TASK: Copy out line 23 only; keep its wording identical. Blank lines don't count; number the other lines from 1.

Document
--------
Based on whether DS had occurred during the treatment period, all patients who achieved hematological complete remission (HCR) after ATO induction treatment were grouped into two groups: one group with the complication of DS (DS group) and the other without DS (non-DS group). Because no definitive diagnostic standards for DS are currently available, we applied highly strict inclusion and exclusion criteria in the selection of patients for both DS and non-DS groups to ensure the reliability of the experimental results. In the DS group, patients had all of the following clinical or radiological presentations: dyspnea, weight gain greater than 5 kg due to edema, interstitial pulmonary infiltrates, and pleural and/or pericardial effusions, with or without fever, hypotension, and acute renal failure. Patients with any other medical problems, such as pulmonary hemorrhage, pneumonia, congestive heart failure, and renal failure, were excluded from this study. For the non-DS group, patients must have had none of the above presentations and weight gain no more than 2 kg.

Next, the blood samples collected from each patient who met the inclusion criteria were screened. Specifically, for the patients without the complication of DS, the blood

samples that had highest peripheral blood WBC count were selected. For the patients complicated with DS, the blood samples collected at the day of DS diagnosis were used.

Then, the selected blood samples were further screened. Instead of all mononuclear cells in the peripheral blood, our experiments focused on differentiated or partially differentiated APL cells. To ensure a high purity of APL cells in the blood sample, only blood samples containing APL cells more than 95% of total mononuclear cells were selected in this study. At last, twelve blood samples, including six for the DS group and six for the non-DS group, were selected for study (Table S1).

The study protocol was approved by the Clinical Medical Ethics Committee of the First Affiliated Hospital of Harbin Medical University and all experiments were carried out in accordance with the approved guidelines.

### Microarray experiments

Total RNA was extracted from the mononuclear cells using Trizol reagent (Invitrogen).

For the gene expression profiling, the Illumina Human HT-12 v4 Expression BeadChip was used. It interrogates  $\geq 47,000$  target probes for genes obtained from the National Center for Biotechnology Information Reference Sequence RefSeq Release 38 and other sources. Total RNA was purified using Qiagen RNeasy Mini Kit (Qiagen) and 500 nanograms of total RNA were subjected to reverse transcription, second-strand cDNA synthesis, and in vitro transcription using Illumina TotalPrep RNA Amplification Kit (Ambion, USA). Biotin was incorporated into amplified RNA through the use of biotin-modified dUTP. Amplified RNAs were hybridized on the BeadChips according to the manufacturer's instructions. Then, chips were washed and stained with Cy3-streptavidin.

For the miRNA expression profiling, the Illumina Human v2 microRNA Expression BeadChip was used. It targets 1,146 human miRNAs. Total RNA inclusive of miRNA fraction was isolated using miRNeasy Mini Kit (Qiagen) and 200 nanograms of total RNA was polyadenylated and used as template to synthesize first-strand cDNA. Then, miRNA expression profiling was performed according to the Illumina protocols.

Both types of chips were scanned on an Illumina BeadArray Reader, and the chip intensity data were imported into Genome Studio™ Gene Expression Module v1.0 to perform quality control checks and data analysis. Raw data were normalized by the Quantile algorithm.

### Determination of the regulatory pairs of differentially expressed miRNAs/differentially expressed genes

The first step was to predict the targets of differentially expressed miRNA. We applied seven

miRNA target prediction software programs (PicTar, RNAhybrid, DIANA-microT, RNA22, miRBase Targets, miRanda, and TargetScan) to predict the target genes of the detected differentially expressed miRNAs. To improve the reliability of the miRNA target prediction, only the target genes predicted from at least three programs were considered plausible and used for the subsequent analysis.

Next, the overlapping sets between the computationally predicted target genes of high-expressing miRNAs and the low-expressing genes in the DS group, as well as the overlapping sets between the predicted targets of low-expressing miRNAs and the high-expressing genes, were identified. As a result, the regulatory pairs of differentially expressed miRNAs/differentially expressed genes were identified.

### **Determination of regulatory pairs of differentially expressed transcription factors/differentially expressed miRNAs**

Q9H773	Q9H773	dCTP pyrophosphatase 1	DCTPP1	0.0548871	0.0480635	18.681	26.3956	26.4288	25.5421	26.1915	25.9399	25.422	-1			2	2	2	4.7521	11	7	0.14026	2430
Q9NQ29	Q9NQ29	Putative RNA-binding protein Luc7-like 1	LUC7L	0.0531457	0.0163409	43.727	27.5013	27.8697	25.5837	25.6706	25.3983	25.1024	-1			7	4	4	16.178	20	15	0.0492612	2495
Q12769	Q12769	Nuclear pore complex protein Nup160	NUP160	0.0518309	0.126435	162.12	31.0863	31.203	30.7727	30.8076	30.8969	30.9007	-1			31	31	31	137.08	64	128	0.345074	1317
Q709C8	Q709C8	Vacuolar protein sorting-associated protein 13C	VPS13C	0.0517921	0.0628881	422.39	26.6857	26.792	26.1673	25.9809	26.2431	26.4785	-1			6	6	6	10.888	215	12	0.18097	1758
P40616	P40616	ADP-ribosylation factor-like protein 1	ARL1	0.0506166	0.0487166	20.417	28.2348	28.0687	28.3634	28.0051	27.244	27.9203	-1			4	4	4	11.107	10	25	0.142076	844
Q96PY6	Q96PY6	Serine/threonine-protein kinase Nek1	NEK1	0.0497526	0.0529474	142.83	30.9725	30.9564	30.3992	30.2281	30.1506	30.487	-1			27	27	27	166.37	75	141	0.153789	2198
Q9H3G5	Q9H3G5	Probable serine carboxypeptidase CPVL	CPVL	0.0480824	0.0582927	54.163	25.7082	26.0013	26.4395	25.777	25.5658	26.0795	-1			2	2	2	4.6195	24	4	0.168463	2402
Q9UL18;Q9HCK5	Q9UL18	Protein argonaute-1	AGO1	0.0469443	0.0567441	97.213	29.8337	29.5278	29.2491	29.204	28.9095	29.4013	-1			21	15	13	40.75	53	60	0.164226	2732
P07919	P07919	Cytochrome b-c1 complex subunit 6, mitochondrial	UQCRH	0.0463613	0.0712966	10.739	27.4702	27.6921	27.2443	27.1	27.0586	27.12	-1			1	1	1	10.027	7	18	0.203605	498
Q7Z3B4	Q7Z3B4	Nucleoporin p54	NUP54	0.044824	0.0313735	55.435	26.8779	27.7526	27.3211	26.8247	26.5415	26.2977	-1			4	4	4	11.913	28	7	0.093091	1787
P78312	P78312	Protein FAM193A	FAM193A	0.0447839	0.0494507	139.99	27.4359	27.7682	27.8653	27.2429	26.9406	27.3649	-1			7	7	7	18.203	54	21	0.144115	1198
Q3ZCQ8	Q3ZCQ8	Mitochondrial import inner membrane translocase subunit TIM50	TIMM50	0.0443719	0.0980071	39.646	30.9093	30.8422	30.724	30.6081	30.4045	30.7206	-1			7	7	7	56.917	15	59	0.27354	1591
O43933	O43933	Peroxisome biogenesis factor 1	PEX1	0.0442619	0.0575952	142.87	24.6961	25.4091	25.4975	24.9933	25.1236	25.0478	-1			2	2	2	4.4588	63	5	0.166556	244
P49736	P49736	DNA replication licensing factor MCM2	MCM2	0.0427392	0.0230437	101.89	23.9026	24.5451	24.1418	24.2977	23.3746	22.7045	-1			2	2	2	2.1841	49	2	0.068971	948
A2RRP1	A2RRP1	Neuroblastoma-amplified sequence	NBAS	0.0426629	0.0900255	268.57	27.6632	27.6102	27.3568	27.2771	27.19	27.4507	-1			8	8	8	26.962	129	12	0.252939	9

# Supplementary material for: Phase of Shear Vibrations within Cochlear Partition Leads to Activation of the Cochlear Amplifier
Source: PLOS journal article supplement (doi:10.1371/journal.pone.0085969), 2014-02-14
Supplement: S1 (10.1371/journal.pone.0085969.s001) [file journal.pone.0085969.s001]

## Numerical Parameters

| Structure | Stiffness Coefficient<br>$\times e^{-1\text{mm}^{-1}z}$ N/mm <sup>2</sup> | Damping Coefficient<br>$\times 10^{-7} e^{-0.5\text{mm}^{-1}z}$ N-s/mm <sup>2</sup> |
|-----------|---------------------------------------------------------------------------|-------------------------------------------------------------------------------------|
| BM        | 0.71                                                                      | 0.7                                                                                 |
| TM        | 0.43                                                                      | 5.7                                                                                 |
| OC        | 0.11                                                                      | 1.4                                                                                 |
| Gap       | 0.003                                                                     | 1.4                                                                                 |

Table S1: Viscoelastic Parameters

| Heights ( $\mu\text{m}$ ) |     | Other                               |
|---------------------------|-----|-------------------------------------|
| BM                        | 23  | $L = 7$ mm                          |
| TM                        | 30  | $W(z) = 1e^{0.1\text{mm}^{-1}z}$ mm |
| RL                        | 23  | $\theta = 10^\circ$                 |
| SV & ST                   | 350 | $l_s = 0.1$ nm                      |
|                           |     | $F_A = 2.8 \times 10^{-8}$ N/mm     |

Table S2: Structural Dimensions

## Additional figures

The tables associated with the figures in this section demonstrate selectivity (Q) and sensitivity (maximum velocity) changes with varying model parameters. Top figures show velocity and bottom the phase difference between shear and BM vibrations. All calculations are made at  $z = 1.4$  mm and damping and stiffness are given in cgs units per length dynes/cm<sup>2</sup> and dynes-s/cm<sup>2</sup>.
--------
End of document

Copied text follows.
Q9UL18;Q9HCK5	Q9UL18	Protein argonaute-1	AGO1	0.0469443	0.0567441	97.213	29.8337	29.5278	29.2491	29.204	28.9095	29.4013	-1			21	15	13	40.75	53	60	0.164226	2732